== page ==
Stylized image of a 1950s neighborhood subdivision.

Home, Not-So-Sweet Home

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Nancy Joseph 12/03/2021 December 2021 Perspectives
Illustration of white 1950s couple in neighborhood with "restricted neighborhood" sign.
A surprising number of residential properties from the 1920s through 1950s excluded certain groups from ownership. Many home deeds still include exclusionary language. Artwork by Marissa Rowell. 

Imagine buying your dream home — and then learning you are prohibited from owning it. A surprising number of residential property deeds in Washington state contain clauses excluding certain groups from ownership.

Those clauses are no longer enforceable thanks to a 1968 anti-discrimination law, but the exclusionary language — a reminder of sanctioned racism in the past — can nevertheless be disturbing for homeowners.

“When homeowners learn about a restriction it can be quite a shock, especially for families of color,” says James Gregory, Williams Endowed Professor in the Department of History. “Real estate companies have seen some potential buyers walk away from properties out of shock and disgust.”

Earlier this year, the Washington State Legislature passed HB 1335, which funds research at the University of Washington and Eastern Washington University to search for racially restrictive covenants in home deeds. When the researchers find such covenants, they will inform the homeowners and suggest measures to repudiate the disturbing language.

A History of Segregation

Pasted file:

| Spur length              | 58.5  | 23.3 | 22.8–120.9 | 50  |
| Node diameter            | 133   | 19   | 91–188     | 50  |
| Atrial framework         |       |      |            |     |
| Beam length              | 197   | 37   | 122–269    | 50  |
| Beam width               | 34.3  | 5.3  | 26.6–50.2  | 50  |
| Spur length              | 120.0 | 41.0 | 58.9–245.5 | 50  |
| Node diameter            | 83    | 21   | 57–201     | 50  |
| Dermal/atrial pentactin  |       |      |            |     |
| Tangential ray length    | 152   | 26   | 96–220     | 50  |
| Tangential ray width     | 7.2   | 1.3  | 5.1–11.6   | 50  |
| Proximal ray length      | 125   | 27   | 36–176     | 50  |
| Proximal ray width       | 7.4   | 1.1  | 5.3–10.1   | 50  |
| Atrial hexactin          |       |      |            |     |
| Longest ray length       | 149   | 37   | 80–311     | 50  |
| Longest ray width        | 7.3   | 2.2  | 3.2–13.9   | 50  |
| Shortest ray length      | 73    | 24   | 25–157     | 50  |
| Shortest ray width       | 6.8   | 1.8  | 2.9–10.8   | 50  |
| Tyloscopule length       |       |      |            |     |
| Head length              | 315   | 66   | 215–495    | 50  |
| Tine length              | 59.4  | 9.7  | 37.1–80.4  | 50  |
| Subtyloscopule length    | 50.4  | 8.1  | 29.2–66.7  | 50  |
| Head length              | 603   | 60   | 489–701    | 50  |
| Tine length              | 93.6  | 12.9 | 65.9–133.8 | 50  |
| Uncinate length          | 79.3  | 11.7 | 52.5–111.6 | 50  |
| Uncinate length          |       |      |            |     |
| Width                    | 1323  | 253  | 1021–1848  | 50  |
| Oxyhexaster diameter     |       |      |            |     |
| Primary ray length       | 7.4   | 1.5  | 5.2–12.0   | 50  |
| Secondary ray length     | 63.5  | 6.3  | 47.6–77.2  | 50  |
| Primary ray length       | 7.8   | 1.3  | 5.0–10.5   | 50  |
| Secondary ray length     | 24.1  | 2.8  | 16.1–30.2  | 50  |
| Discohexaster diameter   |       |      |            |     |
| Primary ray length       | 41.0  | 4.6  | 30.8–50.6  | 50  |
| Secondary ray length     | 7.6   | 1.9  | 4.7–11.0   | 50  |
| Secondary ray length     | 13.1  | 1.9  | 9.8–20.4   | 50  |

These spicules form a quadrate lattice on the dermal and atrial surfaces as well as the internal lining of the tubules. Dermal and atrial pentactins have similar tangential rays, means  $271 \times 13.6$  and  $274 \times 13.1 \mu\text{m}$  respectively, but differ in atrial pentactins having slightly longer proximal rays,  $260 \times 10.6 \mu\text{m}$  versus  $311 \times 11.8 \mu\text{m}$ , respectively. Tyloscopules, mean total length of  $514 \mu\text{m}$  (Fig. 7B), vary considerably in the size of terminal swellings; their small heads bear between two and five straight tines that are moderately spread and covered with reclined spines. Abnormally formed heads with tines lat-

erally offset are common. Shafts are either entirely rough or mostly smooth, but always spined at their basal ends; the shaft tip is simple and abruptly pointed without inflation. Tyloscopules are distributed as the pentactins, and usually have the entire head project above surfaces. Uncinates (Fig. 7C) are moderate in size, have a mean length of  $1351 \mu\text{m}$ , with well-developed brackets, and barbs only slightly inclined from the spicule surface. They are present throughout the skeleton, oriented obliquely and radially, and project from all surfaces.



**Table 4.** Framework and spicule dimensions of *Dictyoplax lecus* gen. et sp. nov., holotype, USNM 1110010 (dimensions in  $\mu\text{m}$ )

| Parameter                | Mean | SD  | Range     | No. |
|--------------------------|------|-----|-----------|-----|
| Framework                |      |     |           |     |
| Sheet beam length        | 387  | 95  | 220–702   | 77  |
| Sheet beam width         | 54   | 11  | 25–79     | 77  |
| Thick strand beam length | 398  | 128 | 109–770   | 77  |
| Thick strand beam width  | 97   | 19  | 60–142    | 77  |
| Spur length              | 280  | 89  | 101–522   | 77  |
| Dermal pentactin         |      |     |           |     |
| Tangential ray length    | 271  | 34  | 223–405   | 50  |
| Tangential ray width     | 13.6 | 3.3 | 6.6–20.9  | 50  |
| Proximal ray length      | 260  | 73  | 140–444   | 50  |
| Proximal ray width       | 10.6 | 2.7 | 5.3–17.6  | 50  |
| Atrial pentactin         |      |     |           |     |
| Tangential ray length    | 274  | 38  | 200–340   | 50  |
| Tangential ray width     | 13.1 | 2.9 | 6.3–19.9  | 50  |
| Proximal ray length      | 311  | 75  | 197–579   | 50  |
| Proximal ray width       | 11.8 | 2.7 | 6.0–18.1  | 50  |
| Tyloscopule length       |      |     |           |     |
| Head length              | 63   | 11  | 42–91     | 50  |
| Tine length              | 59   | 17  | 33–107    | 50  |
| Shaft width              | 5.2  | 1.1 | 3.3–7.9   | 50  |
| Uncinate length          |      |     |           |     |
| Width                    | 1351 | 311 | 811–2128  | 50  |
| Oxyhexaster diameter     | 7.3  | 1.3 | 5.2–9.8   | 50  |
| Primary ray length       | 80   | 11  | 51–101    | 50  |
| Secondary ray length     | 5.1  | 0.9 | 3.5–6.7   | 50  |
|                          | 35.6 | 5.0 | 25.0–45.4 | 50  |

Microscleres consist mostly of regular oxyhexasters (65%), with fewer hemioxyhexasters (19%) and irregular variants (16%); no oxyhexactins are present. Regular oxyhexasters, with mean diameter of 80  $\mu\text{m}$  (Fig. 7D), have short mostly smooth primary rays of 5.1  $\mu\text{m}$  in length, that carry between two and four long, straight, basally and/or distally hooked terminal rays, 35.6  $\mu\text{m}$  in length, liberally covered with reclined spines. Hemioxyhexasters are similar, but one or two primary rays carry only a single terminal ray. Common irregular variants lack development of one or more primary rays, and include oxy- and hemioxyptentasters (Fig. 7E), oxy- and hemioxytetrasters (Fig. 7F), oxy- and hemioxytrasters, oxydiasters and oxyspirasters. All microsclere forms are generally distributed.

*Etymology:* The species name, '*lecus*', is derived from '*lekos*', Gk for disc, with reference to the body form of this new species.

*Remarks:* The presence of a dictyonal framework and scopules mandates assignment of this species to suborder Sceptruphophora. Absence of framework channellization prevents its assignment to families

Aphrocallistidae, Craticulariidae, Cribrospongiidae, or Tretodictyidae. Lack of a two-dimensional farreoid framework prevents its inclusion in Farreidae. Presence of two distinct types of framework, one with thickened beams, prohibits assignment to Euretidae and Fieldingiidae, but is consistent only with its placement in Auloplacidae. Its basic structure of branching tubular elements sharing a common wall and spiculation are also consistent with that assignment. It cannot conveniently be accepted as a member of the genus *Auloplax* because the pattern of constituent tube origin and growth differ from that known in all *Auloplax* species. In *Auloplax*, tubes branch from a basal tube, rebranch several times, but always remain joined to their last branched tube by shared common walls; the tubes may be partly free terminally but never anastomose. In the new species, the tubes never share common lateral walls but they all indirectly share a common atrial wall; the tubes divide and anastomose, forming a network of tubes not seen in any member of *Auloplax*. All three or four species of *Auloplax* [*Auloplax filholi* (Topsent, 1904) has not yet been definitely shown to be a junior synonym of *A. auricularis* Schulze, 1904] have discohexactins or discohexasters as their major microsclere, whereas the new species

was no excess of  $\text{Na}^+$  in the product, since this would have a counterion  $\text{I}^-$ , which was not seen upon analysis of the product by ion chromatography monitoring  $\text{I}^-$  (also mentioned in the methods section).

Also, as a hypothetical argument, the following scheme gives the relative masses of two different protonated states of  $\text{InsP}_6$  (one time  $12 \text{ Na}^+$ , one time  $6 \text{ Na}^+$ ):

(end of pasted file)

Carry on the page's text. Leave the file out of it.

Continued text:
For Gregory, who leads the UW research team, the current work is a continuation of a research project started years ago with the help of students in his classes. The earlier findings are published on Gregory’s Seattle Civil Rights & Labor History Project website. With state funding now attached to the project, he sees an opportunity to bring greater visibility to Washington’s complicated relationship to segregation.

“As a historian, I think it’s important to fully understand the history of segregation in our region, which continues to haunt the systems of opportunity that differentiate folks who have faced discrimination from those who have not.” says Gregory. “To forget or hide or not understand that history is to really limit our ability to be responsible to that.”

Racial segregation has long been a part of Seattle’s history. Early on, the city passed a law prohibiting Indigenous Americans from staying in the city at night. In the 1880s, Chinese people were forced to live in a very contained Chinatown. The practice of putting deed restrictions into property records became popular in the 1920s, after attempts to create segregated zones in cities were deemed unconstitutional by the Supreme Court.

As a historian, I think it’s important to fully understand the history of segregation in our region.... To forget or hide or not understand that history is to really limit our ability to be responsible to that.

James Gregory Williams Endowed Professor, UW Department of History
portrait of James Gregory

“After that 1917 Supreme Court ruling, realtors, developers, cities, and counties started using a workaround — putting restrictions in deeds and property records rather than zoning,” says Gregory. “Typically a developer of a new subdivision would write the restriction into the original plat or document for the whole subdivision.”

In 1926, the Supreme Court ruled that such documents were legal and enforceable in court, which popularized the approach in Washington state and across the US. The practice continued for three decades, finally waning in the 1950s with the growth of the civil rights movement.

A Painstaking Process

Thanks to state funding, Gregory now leads a team of four students searching for deeds with exclusionary language. Project coordinator Madison Heslop, a doctoral student in the Department of History, is joined by history majors Jazzlynn Woods and Sophia Dowling and computer science major Nicholas Boren.